My daughter has an opinion.
It makes me laugh, honestly, when she brings it up. Typically we’re driving along, down one of those ubiquitous suburban byways with the big box stores and the car dealerships and, and, and…
This little voice pops up from the back, the developing timbre of her voice on display:
You can’t eat there. You’ll throw up.
The “there” she’s referring to is Taco Bell, the sacred temple of my teenage years (8 soft tacos and a Mountain Dew, please. Oh, can you throw in a Big Beef Meximelt too?) and the context of that story is an off-hand comment by my wife about the food quality of the Bell.
Heresy, if you ask me.
I’m hoping she won’t take that anti-Bell narrative to her grave but in the bigger picture she’ll still live a full life, somehow. What’s more interesting to me is the way that a child who has never tasted a particular food can believe it to be a stomach-wrenching evil to be avoided at all costs.
She doesn’t know that, at least not through experience. She was taught that. She was taught to fear, to avoid, and to hold in low regard this south-of-the-border delicacy (okay, now I’m being ridiculous) without ever experiencing it for herself.
It is formed in her mind and heart, and what is formed comes forward. It is carried on, day after day, generation after generation.
In the wake of the events in Charlottesville last week, many people posted this Nelson Mandela quote:
“No one is born hating another person because of the color of his skin, or his background, or his religion. People must learn to hate, and if they can learn to hate, they can be taught to love, for love comes more naturally to the human heart than its opposite.”
I couldn’t agree more, not just because it is right but because of my daughter’s aversion to the Bell.
Hate is something that is formed, just like love. And you can learn to hate something you’ve never experienced, encountered, or suffered through.
And what is formed comes forward.
Naming the darkness and evil that is white supremacy means understanding that it is not just a political issue but an issue of personal spiritual formation. Spiritual formation is not always distinctly Christian. As Dallas Willard once said all of us are undergoing the process of spiritual formation (paraphrase). The question is: what are we being formed into?
Because what is formed comes forward. It’s how we’ll live, how we’ll walk, who we’ll love and who we’ll hate. It’s how we handle our anger, money, bodies, politics, and time.
So as parents, the way we’re responding to hate in all of its forms - white supremacy, prejudice against race or religion or gender — is formational to our kids. They will carry that forward because hate is learned. It is formed.
As individuals, the way we represent ourselves in discussions on race and religion comes out of who we really believe Jesus to be and what we believe He’s up to and more importantly what connection our faith has to social & cultural issues.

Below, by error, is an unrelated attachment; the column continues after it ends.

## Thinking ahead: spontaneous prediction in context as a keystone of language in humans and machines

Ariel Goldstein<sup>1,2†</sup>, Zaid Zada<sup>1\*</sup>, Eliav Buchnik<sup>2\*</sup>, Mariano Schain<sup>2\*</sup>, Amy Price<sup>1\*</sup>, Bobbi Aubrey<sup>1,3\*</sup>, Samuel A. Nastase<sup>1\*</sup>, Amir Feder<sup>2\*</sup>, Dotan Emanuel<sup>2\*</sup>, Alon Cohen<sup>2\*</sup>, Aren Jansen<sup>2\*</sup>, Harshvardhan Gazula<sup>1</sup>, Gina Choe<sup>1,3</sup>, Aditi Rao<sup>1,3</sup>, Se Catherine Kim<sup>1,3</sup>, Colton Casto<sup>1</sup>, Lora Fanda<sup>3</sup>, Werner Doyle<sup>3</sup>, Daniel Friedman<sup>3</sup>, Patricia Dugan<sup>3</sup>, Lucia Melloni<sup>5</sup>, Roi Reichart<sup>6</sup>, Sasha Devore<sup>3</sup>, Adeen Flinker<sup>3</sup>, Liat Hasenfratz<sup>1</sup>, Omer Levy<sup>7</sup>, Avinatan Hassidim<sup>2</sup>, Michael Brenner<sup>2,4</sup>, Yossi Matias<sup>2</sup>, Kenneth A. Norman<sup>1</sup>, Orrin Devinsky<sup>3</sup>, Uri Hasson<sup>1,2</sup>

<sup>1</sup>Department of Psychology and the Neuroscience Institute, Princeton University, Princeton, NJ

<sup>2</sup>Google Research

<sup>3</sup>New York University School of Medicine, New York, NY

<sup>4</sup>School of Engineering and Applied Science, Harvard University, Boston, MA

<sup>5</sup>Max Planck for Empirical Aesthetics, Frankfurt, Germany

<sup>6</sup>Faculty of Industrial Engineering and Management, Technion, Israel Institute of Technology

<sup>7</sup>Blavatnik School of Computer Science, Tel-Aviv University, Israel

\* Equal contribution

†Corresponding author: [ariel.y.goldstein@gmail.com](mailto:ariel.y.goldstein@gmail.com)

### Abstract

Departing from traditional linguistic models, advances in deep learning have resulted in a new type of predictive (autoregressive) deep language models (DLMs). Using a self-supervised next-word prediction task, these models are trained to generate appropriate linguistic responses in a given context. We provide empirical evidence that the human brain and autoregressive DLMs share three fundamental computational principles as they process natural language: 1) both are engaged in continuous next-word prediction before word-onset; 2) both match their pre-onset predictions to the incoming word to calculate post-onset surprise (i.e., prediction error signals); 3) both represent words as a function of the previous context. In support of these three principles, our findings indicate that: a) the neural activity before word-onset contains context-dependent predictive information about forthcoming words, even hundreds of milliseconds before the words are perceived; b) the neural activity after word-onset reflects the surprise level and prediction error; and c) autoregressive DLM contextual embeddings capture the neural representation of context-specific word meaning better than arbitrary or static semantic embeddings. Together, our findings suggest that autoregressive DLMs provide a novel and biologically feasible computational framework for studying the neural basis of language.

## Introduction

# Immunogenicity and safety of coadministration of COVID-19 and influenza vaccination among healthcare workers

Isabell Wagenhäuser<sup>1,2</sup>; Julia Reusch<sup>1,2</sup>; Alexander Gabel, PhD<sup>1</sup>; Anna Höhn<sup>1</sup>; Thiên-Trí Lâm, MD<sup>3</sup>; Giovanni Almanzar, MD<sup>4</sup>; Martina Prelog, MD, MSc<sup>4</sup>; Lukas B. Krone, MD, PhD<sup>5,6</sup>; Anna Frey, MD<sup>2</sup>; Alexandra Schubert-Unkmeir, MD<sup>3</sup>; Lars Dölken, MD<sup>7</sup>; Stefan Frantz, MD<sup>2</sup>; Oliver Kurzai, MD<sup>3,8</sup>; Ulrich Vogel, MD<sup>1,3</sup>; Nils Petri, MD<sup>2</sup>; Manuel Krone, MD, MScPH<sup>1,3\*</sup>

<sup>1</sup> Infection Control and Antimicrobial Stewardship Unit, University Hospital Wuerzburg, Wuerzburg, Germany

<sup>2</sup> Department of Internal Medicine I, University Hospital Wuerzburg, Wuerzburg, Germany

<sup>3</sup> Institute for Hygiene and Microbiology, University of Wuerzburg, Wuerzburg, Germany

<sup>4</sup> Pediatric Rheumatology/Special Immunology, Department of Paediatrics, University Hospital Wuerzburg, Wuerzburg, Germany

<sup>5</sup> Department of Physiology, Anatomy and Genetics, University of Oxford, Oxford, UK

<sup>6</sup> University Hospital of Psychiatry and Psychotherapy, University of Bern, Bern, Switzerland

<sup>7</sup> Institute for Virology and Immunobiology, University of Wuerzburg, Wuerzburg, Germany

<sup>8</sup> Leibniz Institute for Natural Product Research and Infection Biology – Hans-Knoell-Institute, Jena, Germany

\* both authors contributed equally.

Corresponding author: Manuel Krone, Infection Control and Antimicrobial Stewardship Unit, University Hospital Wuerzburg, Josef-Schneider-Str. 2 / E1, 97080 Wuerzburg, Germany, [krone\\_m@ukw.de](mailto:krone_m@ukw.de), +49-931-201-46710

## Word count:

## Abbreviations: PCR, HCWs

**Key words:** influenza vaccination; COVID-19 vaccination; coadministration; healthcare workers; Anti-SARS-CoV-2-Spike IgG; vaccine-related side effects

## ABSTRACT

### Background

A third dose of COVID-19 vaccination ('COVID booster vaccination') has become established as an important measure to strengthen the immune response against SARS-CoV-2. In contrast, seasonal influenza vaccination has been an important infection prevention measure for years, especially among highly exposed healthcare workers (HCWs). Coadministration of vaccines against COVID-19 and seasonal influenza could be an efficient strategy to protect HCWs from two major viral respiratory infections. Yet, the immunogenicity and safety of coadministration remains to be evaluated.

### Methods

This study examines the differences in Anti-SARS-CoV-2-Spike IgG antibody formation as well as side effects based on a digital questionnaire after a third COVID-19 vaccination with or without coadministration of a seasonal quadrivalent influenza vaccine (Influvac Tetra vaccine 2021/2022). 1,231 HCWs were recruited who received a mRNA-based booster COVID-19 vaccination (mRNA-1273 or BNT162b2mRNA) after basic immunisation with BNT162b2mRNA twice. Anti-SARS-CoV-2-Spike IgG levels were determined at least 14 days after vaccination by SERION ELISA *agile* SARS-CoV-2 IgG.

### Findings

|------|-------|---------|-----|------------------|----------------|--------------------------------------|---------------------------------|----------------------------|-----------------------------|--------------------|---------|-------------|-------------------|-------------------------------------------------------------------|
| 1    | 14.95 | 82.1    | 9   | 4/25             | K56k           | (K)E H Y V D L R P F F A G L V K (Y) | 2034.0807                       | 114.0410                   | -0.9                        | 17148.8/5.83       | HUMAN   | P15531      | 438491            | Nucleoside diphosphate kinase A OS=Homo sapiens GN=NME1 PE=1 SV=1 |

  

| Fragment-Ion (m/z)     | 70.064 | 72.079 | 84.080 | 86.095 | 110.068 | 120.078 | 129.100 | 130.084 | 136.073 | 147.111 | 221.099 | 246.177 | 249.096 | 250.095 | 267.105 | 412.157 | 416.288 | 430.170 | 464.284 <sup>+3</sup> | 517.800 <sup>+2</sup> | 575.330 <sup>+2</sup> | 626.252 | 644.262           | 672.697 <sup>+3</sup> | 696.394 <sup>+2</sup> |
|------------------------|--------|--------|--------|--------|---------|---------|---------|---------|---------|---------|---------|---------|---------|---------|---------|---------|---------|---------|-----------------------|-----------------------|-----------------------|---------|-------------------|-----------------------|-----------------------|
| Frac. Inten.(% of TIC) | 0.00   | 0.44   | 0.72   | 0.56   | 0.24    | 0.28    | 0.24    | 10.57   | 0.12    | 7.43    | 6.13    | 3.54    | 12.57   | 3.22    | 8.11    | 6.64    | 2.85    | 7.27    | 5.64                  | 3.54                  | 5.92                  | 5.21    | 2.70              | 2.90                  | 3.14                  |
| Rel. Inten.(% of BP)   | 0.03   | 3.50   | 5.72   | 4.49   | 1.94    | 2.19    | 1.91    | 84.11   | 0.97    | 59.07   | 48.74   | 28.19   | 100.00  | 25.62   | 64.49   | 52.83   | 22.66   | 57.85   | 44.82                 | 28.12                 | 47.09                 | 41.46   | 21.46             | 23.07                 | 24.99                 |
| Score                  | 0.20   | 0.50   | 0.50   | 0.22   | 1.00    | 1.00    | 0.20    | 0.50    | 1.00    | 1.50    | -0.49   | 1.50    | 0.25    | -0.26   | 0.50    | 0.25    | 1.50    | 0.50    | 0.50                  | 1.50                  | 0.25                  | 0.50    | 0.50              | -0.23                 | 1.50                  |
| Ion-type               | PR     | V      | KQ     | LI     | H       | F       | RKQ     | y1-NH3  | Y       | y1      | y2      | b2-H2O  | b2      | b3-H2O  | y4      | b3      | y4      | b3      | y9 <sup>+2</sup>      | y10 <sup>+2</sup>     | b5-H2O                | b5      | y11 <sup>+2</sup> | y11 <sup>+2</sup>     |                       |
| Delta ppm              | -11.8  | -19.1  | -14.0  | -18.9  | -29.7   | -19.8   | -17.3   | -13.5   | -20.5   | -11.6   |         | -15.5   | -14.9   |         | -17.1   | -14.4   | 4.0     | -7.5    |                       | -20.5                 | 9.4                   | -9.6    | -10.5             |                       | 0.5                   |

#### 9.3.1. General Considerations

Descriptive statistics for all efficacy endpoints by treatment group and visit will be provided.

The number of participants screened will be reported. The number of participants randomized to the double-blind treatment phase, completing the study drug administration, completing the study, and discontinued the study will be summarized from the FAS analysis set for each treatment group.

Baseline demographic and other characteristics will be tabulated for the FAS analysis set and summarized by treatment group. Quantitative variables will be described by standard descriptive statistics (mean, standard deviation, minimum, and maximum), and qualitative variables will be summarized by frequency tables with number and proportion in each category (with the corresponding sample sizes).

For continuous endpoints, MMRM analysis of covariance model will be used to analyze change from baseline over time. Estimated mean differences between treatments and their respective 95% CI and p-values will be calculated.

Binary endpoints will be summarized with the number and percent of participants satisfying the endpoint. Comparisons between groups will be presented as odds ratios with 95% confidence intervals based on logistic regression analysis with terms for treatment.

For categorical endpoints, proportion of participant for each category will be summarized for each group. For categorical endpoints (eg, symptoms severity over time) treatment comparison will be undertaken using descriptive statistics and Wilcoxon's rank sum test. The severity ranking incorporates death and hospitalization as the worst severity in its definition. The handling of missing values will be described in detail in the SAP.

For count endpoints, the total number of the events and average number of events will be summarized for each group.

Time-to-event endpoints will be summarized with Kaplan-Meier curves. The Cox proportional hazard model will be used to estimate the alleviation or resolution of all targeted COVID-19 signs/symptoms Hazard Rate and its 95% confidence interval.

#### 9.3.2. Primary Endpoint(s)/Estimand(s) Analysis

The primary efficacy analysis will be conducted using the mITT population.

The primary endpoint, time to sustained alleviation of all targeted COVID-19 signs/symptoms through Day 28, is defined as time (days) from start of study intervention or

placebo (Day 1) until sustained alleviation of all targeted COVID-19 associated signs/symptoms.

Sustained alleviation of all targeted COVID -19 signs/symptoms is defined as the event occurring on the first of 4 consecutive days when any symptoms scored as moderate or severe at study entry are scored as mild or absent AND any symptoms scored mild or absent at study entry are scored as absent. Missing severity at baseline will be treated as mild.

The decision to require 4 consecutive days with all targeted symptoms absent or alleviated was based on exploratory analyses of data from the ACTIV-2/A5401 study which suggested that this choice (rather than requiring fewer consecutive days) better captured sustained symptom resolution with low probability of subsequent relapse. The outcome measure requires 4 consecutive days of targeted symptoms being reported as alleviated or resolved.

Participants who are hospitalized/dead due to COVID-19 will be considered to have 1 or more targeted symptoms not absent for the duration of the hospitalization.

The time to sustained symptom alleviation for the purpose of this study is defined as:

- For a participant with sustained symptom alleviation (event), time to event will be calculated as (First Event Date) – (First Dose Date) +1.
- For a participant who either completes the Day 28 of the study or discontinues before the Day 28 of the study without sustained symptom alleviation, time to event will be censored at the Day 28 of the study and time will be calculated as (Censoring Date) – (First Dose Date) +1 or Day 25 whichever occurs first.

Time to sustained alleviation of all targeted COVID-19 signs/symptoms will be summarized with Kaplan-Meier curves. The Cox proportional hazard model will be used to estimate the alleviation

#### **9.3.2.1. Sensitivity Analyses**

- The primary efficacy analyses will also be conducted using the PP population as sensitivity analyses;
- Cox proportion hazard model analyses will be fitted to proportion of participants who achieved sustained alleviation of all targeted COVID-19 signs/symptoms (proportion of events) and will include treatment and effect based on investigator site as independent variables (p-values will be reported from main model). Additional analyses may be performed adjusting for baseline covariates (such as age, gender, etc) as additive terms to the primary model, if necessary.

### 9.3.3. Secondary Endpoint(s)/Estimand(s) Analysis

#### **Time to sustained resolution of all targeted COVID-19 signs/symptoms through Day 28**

Those are not primarily political discussions. They are formation discussions. We talk and write and vote out of the things that are formed deep within us. Because what is formed comes forward.
So if we look at ourselves today, and we can’t find any outrage about white supremacist hate groups that desire to build a country that is strictly European and strictly adheres some white version of Protestant Christianity, then we need to start asking questions about what is formed in us.
To be clear I reject white supremacy, completely.
I also reject any form of Christian practice that supports it. God will deal with the human heart, but I’m simply talking about the “fruit” here.
The Jesus who condones racism is not a Jesus I’m familiar with.
If we look at our marriage and we see attitudes and actions that are inconsistent with the faith we have or the values we profess to hold, we need to start asking some formation questions. What has shaped this disconnect between my inner and outer worlds?
Because hate is learned, it is formed.
Because racism is learned, it is formed out of fear and family and heritage.
Because relational dysfunction is formed out of past examples, family of origin, and experiences with other people that have wounded us.
And what is formed comes forward.
As you look at the things that have happened in the last few weeks or in the last few hours, what do you notice? What is coming “forward” in your attitudes and actions? Where is that coming from - what has been “formed’ in you that allows those attitudes and actions fly free?
May you find what is formed so you can see what’s coming forward. Not only that, but may you know the Father, Son, and Spirit who are passionately and desperately committed to transformation through learning to love instead of hate, to heal instead of wound.